News* – « Madam Ambassador, your presence here today reminds us that this C130J was born in a hangar somewhere in America. Lockheed Martin designed it, developed it, built it. If it wears today France’s tricolor roundel , it is also a symbol of our union, our strong and historic alliance. Our two nations share the same thirst for excellence, the same willpower to act and the same irrepressible desire for freedom: these C130Js are a demonstration of this. »

Such a statement was addressed to Jamie McCourt, the US ambassador to France nominated by President Trump during the summer, by the French Minister of the Armed Forces, Florence Parly, during Monday’s [January 15th] official ceremony welcoming the delivery of the first C130J to the French Air Force at Orléans-Bricy Air Base.

Another common personality trait between the United States and France Mrs Parly could have added is a fierce desire for sovereignty and a strong aspiration for autonomy: a basis for a long-lasting –  although at times tumultuous – alliance between the two countries, but also the paradox underlying the unusually fast procurement of two C130Js and two KC130Js by the French military.

To some French observers indeed, purchasing American military transport aircrafts and adding another micro-fleet to an existing fleet already composed of C160s, CN245s, C130Hs and A400Ms seems like heresy.  “What an admission of failure of the A400M European adventure”, most argue, when, in actual fact, this nascent fleet of C130Js is the stepping stone towards a new Franco-German bilateral unit (some refers to it as a squadron) to be based in 2021 at FAB Evreux and symbolizing the drive towards the dream of a true European defense both French President Macron and German Chancellor Merkel are aspiring for.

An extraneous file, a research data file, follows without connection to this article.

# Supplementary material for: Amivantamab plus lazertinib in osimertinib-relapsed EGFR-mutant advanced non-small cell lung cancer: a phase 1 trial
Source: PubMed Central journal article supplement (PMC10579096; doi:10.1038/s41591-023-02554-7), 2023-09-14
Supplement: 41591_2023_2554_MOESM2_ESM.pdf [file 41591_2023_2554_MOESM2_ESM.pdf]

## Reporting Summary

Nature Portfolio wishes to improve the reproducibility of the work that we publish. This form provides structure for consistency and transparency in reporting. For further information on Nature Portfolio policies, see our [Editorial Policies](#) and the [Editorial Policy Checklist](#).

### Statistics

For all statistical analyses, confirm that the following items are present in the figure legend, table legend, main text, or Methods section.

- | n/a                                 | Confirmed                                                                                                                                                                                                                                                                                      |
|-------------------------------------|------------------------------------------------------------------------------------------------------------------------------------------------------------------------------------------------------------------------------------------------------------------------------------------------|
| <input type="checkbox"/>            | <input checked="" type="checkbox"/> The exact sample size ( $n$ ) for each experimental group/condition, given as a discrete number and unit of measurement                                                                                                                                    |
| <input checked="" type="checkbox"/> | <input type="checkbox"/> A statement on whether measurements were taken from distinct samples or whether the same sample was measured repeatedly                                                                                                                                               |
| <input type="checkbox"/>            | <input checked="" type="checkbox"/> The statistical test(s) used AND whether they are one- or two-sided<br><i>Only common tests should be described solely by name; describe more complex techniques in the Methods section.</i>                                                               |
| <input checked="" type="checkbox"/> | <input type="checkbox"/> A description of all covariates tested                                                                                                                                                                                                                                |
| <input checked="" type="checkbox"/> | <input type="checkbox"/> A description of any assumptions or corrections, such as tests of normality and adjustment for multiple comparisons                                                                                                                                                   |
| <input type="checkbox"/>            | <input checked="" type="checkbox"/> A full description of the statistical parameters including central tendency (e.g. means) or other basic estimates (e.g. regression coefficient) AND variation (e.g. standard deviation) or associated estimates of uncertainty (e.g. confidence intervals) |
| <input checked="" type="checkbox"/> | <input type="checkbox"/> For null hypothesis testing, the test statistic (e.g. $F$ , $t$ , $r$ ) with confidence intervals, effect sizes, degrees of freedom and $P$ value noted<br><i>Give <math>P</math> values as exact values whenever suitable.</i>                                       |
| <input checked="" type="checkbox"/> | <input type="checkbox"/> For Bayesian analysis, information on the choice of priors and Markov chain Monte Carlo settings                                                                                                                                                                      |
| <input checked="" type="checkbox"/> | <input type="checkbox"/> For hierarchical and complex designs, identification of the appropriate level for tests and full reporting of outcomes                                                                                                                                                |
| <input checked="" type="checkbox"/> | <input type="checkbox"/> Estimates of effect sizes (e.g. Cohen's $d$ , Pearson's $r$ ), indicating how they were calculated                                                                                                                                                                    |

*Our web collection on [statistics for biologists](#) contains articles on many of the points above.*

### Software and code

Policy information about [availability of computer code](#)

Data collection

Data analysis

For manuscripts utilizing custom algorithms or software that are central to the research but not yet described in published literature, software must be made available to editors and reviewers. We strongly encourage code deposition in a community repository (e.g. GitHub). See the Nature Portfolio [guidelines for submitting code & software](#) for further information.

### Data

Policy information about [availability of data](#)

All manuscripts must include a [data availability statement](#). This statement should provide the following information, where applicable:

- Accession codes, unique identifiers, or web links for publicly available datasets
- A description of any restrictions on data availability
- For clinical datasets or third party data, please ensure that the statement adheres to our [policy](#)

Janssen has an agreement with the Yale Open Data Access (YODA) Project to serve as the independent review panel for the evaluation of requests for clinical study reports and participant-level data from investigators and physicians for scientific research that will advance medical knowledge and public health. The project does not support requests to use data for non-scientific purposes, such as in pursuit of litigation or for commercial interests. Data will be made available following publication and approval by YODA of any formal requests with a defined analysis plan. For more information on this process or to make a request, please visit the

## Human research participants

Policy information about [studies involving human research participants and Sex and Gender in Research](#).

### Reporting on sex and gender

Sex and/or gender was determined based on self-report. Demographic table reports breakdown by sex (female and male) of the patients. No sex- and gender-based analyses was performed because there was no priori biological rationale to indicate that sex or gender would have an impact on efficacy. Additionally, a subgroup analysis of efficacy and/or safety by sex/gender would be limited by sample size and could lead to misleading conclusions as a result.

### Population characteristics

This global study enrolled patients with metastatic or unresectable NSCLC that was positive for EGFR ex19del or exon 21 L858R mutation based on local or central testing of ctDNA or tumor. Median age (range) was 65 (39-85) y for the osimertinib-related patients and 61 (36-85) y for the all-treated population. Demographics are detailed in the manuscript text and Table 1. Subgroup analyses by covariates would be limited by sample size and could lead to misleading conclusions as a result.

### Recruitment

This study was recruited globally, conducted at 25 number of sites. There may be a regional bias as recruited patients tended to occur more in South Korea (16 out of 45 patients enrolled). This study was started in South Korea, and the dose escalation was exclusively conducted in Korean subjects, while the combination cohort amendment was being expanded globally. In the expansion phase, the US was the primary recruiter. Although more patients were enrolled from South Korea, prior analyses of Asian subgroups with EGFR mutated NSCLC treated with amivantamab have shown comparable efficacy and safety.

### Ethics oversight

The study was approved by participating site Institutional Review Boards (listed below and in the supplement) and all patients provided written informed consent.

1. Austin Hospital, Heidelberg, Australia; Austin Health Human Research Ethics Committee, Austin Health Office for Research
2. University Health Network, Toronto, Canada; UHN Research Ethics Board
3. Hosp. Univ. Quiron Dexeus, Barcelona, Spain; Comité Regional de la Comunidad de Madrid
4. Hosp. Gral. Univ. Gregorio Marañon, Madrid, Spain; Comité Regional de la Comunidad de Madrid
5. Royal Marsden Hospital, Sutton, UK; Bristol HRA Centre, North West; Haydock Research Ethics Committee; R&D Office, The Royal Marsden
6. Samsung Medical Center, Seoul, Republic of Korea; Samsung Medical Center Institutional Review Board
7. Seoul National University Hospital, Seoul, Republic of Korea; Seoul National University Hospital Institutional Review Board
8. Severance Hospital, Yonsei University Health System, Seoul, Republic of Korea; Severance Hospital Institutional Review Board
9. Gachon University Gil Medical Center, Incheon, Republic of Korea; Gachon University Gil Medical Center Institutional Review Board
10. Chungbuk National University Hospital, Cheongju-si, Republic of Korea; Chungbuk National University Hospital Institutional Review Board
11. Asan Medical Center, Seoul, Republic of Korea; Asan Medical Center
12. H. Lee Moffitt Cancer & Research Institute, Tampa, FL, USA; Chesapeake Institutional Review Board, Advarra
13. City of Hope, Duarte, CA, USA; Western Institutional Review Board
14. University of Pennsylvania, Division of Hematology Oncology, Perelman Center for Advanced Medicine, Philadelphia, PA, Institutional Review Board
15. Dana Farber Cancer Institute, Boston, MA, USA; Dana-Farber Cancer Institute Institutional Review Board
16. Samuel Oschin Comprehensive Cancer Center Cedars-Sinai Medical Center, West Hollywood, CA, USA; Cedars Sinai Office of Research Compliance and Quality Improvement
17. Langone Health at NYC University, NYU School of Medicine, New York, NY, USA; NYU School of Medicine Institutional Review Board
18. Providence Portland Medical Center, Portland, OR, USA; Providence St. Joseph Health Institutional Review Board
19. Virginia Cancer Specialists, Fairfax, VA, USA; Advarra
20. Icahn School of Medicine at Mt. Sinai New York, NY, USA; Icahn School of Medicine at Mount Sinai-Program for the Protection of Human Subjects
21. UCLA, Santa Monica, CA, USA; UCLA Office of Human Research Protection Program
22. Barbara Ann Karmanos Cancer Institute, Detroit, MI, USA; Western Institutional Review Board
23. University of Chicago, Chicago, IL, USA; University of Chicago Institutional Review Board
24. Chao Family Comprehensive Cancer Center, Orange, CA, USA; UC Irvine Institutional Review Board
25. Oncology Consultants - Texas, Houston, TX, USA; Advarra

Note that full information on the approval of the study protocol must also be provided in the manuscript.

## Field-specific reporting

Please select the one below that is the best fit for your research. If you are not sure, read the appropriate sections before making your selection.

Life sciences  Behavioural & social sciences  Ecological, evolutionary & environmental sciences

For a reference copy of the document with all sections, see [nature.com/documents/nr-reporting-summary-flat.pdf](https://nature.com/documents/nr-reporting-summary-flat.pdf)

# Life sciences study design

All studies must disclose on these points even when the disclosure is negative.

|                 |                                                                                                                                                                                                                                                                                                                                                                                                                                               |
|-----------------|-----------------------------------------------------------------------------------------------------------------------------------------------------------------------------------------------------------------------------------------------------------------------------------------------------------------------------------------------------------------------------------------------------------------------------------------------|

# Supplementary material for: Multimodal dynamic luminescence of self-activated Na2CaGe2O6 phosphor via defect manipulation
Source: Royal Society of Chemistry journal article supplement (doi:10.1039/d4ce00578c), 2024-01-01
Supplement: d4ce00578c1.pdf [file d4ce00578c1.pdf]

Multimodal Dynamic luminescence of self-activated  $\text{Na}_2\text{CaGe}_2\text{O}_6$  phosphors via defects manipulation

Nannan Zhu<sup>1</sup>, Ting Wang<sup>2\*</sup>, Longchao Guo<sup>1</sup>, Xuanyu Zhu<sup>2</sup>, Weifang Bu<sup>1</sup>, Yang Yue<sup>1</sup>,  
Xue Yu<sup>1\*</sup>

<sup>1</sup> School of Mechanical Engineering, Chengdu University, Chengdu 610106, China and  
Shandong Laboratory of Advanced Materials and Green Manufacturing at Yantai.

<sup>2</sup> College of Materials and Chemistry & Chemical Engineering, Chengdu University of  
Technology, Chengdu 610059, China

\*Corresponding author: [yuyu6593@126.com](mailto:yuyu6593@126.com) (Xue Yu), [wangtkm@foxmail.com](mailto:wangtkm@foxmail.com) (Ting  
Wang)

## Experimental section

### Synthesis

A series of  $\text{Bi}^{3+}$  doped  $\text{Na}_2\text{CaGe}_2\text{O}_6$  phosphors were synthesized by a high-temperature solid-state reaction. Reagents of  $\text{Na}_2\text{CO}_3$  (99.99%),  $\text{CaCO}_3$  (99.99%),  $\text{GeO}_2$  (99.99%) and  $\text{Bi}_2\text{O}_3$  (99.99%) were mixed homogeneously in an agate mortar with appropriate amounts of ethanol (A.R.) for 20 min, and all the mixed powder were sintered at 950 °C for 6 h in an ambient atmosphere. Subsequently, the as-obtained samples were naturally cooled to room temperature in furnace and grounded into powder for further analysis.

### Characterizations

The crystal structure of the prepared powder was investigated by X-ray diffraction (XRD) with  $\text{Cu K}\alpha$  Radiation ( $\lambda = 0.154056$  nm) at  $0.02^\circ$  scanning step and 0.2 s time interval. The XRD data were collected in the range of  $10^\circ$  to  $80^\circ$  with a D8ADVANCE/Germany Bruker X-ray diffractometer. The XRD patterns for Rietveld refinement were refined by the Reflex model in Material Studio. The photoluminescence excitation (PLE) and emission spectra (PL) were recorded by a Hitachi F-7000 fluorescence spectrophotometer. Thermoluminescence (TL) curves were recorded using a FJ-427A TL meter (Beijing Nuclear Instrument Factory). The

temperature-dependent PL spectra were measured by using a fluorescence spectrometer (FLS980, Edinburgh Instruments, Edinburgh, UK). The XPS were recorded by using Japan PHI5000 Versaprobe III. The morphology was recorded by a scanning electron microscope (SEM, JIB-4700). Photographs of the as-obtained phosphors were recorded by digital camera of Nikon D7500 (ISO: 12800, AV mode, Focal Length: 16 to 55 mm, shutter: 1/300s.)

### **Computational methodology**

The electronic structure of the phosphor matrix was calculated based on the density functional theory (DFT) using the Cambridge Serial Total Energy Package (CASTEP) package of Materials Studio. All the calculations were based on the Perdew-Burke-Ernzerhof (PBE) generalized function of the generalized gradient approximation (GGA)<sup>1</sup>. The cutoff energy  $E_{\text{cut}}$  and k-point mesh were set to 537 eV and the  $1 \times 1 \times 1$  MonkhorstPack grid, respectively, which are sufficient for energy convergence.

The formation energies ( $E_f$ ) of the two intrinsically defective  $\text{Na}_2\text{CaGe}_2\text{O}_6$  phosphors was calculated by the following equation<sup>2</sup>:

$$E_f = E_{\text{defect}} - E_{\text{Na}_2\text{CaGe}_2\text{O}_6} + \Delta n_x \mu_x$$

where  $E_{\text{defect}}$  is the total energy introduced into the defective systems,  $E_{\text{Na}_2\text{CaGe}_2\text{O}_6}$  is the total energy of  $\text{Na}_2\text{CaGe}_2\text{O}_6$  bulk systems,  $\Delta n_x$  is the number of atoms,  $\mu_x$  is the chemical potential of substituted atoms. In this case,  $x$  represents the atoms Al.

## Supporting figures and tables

Such a move was decided with the signing of a pooling and sharing agreement by former French minister of defense Jean-Yves Le Drian and his German counterpart Ursula von der Leyen in April 2016 (hence before Emmanuel Macron became president last June); it was then reinforced with a bilateral cooperation agreement signed between Major General Philippe Coindreau and Vice Chief of Defence Vice Admiral Joachim Ruhle in October 2017. Concretely, the deal is for both nations to join forces and share costs, i.e. respectively 4 C130Js on the French side to be acquired by 2019 and 6 on the German side consequently to the Bundestag’s expected green light in 2019. The IOC (Initial operational Capability) is planned for 2021 and the FOC (Full Operational Capability) by 2024.

Sharing costs starts with an equal investment of 50 million Euros (about 61 million US dollars) each to build the necessary infrastructure to welcome this new generation aircraft at Evreux. But sharing costs also means working together on maintenance and support, hence the planned arrival of German personnel which number is to be determined.

It is not a “first” in the sense that there are already German military staff deployed in France – such as for instance at the Franco-German Army Aviation training school for the Tiger helicopter crew (EFA Tigre for “ Ecole franco-allemande de formation des équipages Tigre”) based at Cannet-des-Maures in the south of France – , but what is new is the desire to go beyond what has been perceived as a limited success to truly pool resources together, as it is precisely the case at the EFA Tigre as far as support is concerned. The goal is not to create a simple training center, but to be able to conduct joint operations with mixed crews.

Traditionally, such a goal has been met with skepticism since French and German armed forces have grown apart in terms of the way they operate in military theaters. However, two trends tend to bring concrete proofs of the potential feasibility of such an ambitious undertaking: